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The University of Colorado campus. (File photo)

Public health departments across Colorado are warning of a dangerous trend: COVID-19 is spreading among young people. 

In Boulder, the virus was spread at a number of large gatherings on University Hill. In Eagle County, infections increased after teens hung out in the glitzy Roaring Fork Valley. In Telluride, one get-together exposed as many as 36 young people to the disease. 


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“A young person is most likely not going to get very ill from COVID-19, although some do,” said Chana Goussetis, a spokeswoman for Boulder County Public Health, which has tracked 181 infections among University of Colorado students. “But the risk is really when they are going to work, when they’re going to the grocery store or they’re walking on the sidewalk and they stop to talk to somebody. Those are the times that the virus can be transmitted to somebody who is older and at more risk of having serious consequences.”                      

The number of new coronavirus cases in Colorado may have generally slowed even as the state eases restrictions on people’s movement after months of demanding that they stay at home. But those who are now getting the disease have tended to be under 30 and are possibly to blame for a slight uptick in cases reported last week.  

“We have seen a modest increase in cases among younger Coloradans over the last few weeks,” said Ian Dickson, a spokesman for the Colorado Department of Public Health and Environment. 

Over the past 25 days, people under 30 accounted for about 40% of Colorado’s coronavirus cases, according to CDPHE. For the 25 days before that, it was about 31%.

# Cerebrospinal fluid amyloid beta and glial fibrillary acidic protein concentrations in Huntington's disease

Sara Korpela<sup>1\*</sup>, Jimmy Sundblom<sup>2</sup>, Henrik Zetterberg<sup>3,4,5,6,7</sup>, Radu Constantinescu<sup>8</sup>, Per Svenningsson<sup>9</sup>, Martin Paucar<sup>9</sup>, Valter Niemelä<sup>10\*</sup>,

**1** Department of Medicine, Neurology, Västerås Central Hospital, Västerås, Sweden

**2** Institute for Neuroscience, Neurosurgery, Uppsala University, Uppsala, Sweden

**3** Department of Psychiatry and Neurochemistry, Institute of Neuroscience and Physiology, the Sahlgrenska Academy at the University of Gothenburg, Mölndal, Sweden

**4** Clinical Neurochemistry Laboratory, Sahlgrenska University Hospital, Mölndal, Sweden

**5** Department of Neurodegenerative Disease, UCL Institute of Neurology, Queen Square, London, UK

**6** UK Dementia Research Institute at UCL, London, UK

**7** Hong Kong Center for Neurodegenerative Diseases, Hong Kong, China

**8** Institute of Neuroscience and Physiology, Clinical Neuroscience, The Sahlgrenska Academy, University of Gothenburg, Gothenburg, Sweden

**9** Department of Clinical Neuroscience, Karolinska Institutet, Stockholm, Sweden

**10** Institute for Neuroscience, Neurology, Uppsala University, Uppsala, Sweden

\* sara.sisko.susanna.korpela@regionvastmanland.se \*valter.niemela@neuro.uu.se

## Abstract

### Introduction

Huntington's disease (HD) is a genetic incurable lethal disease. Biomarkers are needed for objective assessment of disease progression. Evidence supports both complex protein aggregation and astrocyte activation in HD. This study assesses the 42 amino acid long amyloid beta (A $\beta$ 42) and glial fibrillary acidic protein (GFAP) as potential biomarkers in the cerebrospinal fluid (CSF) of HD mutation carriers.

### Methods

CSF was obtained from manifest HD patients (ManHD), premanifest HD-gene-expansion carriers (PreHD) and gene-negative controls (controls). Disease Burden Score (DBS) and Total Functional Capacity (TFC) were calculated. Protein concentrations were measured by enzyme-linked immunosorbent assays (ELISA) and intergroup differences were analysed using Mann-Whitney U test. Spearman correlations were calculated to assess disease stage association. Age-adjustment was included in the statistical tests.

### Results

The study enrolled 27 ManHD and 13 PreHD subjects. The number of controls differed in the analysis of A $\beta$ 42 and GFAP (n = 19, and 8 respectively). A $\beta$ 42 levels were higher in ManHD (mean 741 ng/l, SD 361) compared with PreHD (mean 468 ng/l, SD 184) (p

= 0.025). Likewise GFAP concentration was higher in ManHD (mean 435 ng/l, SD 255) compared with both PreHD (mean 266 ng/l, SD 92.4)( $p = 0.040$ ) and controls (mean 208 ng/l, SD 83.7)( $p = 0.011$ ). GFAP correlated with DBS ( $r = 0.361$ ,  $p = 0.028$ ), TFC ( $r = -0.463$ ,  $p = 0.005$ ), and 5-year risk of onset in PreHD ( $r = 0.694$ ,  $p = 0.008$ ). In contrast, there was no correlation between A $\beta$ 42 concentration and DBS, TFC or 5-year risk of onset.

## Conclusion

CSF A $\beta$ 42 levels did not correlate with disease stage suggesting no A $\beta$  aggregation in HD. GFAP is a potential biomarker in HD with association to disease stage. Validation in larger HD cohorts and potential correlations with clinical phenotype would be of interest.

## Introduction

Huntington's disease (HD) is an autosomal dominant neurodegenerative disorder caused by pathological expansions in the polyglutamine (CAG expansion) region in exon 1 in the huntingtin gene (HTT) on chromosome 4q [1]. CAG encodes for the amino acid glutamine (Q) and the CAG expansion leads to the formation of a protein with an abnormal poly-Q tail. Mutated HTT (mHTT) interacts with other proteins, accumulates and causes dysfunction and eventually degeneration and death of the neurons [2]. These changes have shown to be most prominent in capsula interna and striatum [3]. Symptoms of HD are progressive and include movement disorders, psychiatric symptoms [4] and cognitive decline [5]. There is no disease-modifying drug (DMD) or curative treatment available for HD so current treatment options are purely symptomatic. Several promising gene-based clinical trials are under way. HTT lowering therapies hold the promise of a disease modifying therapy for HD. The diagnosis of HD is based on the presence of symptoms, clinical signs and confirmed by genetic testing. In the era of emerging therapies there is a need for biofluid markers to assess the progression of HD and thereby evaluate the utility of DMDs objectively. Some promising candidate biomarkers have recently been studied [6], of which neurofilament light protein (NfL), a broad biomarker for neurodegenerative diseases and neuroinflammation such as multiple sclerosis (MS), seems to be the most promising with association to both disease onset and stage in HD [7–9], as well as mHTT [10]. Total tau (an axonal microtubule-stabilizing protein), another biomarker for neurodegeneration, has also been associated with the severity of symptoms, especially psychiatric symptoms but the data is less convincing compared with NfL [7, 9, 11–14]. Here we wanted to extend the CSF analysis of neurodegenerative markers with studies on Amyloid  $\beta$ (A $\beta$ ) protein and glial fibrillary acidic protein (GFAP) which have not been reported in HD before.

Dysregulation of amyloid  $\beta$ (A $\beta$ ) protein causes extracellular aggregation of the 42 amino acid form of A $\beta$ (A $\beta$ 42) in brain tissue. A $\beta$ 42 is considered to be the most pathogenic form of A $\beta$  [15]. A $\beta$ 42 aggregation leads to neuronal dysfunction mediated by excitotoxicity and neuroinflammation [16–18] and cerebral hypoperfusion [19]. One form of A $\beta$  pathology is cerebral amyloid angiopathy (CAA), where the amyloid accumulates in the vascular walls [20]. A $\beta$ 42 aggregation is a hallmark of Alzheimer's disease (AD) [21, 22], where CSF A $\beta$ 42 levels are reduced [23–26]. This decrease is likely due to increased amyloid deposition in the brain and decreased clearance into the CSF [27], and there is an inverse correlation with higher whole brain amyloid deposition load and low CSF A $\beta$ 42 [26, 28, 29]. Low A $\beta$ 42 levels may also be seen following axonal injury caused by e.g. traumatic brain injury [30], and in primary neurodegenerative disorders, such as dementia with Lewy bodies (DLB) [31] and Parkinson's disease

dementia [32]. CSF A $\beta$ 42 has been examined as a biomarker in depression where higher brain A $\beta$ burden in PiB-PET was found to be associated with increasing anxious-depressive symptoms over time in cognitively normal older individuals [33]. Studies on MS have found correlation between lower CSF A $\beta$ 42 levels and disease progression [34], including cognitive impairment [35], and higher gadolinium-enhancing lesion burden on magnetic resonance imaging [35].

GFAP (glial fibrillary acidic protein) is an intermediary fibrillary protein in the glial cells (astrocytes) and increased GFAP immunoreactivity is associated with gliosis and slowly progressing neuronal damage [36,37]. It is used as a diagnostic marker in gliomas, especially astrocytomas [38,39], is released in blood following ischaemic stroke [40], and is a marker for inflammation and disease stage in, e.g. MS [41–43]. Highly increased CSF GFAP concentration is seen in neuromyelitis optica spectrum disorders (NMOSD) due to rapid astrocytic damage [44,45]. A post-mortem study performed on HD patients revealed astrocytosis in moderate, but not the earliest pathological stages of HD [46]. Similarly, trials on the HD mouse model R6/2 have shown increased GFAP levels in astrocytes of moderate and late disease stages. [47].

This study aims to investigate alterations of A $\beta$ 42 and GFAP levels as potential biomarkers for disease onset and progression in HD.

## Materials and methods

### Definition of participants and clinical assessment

The median age of people with confirmed coronavirus infections is hovering at about 32. In March and into mid-April, that median was about 50. 

“This increase could be due to a number of factors, so we can’t attribute it to any one thing,” Dickson said. “Testing has become more widely available, so more young people — including people with mild or no symptoms — are getting tested. That alone could account for the increase. It’s also possible that older Coloradans are following public health advice and exercising more caution, reducing their share of the cases.”

The risk of having more young people becoming infected is that they may not realize they have caught coronavirus. Dr. Rachel Herlihy, Colorado’s state epidemiologist, says that while about 40% of those infected may be asymptomatic, that rate is above 50% for younger people. 

Dr. Rachel Herlihy, Colorado’s state epidemiologist, speaks to reporters at the governor’s mansion in downtown Denver on Monday, April 20, 2020. (Jesse Paul, The Colorado Sun)

“Younger individuals are more likely to have asymptomatic infection,” she said at a news conference Wednesday. “I think that reinforces the need for those gatherings (among young people) to be small and for precautions to be taken.”

Gov. Jared Polis said the upcoming July 4 weekend will be an especially important time to stay vigilant. If younger Coloradans aren’t careful, they could be putting not only the general public at risk, but also their loved ones. 

“We don’t live in generational isolation,” he said. “People have aunts and uncles and parents and older friends and colleagues.”

In Boulder, a spike in coronavirus cases has been blamed on partying CU students. Goussetis said the majority of the 181 students who have tested positive since June 5 contracted the disease at “large social gatherings.”  

And Goussetis says she gets it. It’s tough to stay away from friends during the pandemic. But the reality is parties amid coronavirus are a public health agency’s worst nightmare. A positive test among one attendee can mean hours of tracing work, not to mention the economic impacts of people having to stay away from work because they are sick or in quarantine. 

In a worst case scenario, someone may die because of the disease’s spread. 

“It hurts all of us,” Goussetis said.

A red solo cup in Boulder. (Provided by CBS4)

Officials in Boulder have been so alarmed by the increase in cases that they enacted new restrictions on gatherings to prevent further spread and announced plans for stricter enforcement of the state’s 10-person gathering limit.